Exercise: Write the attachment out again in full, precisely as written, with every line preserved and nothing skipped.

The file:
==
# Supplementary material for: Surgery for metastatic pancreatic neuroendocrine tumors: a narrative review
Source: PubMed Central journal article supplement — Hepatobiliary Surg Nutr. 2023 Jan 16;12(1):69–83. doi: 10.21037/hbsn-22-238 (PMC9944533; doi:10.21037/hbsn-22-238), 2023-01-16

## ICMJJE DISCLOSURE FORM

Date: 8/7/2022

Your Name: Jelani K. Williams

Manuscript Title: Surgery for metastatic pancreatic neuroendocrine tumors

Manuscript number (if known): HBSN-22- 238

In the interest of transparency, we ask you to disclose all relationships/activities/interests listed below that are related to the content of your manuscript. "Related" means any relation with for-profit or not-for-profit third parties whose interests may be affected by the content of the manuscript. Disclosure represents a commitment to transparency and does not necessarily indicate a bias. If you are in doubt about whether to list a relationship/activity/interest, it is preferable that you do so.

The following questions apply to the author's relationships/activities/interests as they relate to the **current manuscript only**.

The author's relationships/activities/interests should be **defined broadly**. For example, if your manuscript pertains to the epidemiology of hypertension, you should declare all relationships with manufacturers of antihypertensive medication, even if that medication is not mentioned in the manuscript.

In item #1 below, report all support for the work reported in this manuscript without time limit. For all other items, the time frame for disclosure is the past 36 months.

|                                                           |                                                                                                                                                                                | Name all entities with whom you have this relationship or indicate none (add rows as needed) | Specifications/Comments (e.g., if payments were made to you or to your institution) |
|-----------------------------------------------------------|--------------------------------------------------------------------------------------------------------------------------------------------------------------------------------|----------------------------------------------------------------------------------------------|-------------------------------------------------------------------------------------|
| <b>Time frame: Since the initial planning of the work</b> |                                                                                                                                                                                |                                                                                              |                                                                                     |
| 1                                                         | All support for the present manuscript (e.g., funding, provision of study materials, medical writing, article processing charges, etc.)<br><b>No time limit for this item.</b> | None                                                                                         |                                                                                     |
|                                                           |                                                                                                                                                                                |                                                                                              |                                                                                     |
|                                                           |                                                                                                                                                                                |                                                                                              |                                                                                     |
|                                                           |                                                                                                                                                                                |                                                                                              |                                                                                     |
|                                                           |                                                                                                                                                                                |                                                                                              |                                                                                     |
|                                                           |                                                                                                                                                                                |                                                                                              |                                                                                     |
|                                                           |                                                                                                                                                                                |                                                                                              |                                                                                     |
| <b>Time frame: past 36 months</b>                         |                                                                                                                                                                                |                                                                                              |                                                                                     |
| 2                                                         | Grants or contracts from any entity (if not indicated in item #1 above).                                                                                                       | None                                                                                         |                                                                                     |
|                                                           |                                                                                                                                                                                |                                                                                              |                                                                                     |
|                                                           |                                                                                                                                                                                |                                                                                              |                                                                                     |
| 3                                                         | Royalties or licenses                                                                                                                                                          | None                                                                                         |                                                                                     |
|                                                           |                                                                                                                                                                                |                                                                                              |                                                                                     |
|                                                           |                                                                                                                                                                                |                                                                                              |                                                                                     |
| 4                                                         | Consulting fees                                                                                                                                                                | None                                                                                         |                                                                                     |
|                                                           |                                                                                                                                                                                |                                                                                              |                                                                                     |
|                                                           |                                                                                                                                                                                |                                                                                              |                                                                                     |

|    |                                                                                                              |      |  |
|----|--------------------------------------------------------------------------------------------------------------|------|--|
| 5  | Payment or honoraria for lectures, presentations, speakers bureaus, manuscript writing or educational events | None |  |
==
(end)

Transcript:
# Supplementary material for: Surgery for metastatic pancreatic neuroendocrine tumors: a narrative review
Source: PubMed Central journal article supplement — Hepatobiliary Surg Nutr. 2023 Jan 16;12(1):69–83. doi: 10.21037/hbsn-22-238 (PMC9944533; doi:10.21037/hbsn-22-238), 2023-01-16

## ICMJJE DISCLOSURE FORM

Date: 8/7/2022

Your Name: Jelani K. Williams

Manuscript Title: Surgery for metastatic pancreatic neuroendocrine tumors

Manuscript number (if known): HBSN-22- 238

In the interest of transparency, we ask you to disclose all relationships/activities/interests listed below that are related to the content of your manuscript. "Related" means any relation with for-profit or not-for-profit third parties whose interests may be affected by the content of the manuscript. Disclosure represents a commitment to transparency and does not necessarily indicate a bias. If you are in doubt about whether to list a relationship/activity/interest, it is preferable that you do so.

The following questions apply to the author's relationships/activities/interests as they relate to the **current manuscript only**.

The author's relationships/activities/interests should be **defined broadly**. For example, if your manuscript pertains to the epidemiology of hypertension, you should declare all relationships with manufacturers of antihypertensive medication, even if that medication is not mentioned in the manuscript.

In item #1 below, report all support for the work reported in this manuscript without time limit. For all other items, the time frame for disclosure is the past 36 months.

|                                                           |                                                                                                                                                                                | Name all entities with whom you have this relationship or indicate none (add rows as needed) | Specifications/Comments (e.g., if payments were made to you or to your institution) |
|-----------------------------------------------------------|--------------------------------------------------------------------------------------------------------------------------------------------------------------------------------|----------------------------------------------------------------------------------------------|-------------------------------------------------------------------------------------|
| <b>Time frame: Since the initial planning of the work</b> |                                                                                                                                                                                |                                                                                              |                                                                                     |
| 1                                                         | All support for the present manuscript (e.g., funding, provision of study materials, medical writing, article processing charges, etc.)<br><b>No time limit for this item.</b> | None                                                                                         |                                                                                     |
|                                                           |                                                                                                                                                                                |                                                                                              |                                                                                     |
|                                                           |                                                                                                                                                                                |                                                                                              |                                                                                     |
|                                                           |                                                                                                                                                                                |                                                                                              |                                                                                     |
|                                                           |                                                                                                                                                                                |                                                                                              |                                                                                     |
|                                                           |                                                                                                                                                                                |                                                                                              |                                                                                     |
|                                                           |                                                                                                                                                                                |                                                                                              |                                                                                     |
| <b>Time frame: past 36 months</b>                         |                                                                                                                                                                                |                                                                                              |                                                                                     |
| 2                                                         | Grants or contracts from any entity (if not indicated in item #1 above).                                                                                                       | None                                                                                         |                                                                                     |
|                                                           |                                                                                                                                                                                |                                                                                              |                                                                                     |
|                                                           |                                                                                                                                                                                |                                                                                              |                                                                                     |
| 3                                                         | Royalties or licenses                                                                                                                                                          | None                                                                                         |                                                                                     |
|                                                           |                                                                                                                                                                                |                                                                                              |                                                                                     |
|                                                           |                                                                                                                                                                                |                                                                                              |                                                                                     |
| 4                                                         | Consulting fees                                                                                                                                                                | None                                                                                         |                                                                                     |
|                                                           |                                                                                                                                                                                |                                                                                              |                                                                                     |
|                                                           |                                                                                                                                                                                |                                                                                              |                                                                                     |

|    |                                                                                                              |      |  |
|----|--------------------------------------------------------------------------------------------------------------|------|--|
| 5  | Payment or honoraria for lectures, presentations, speakers bureaus, manuscript writing or educational events | None |  |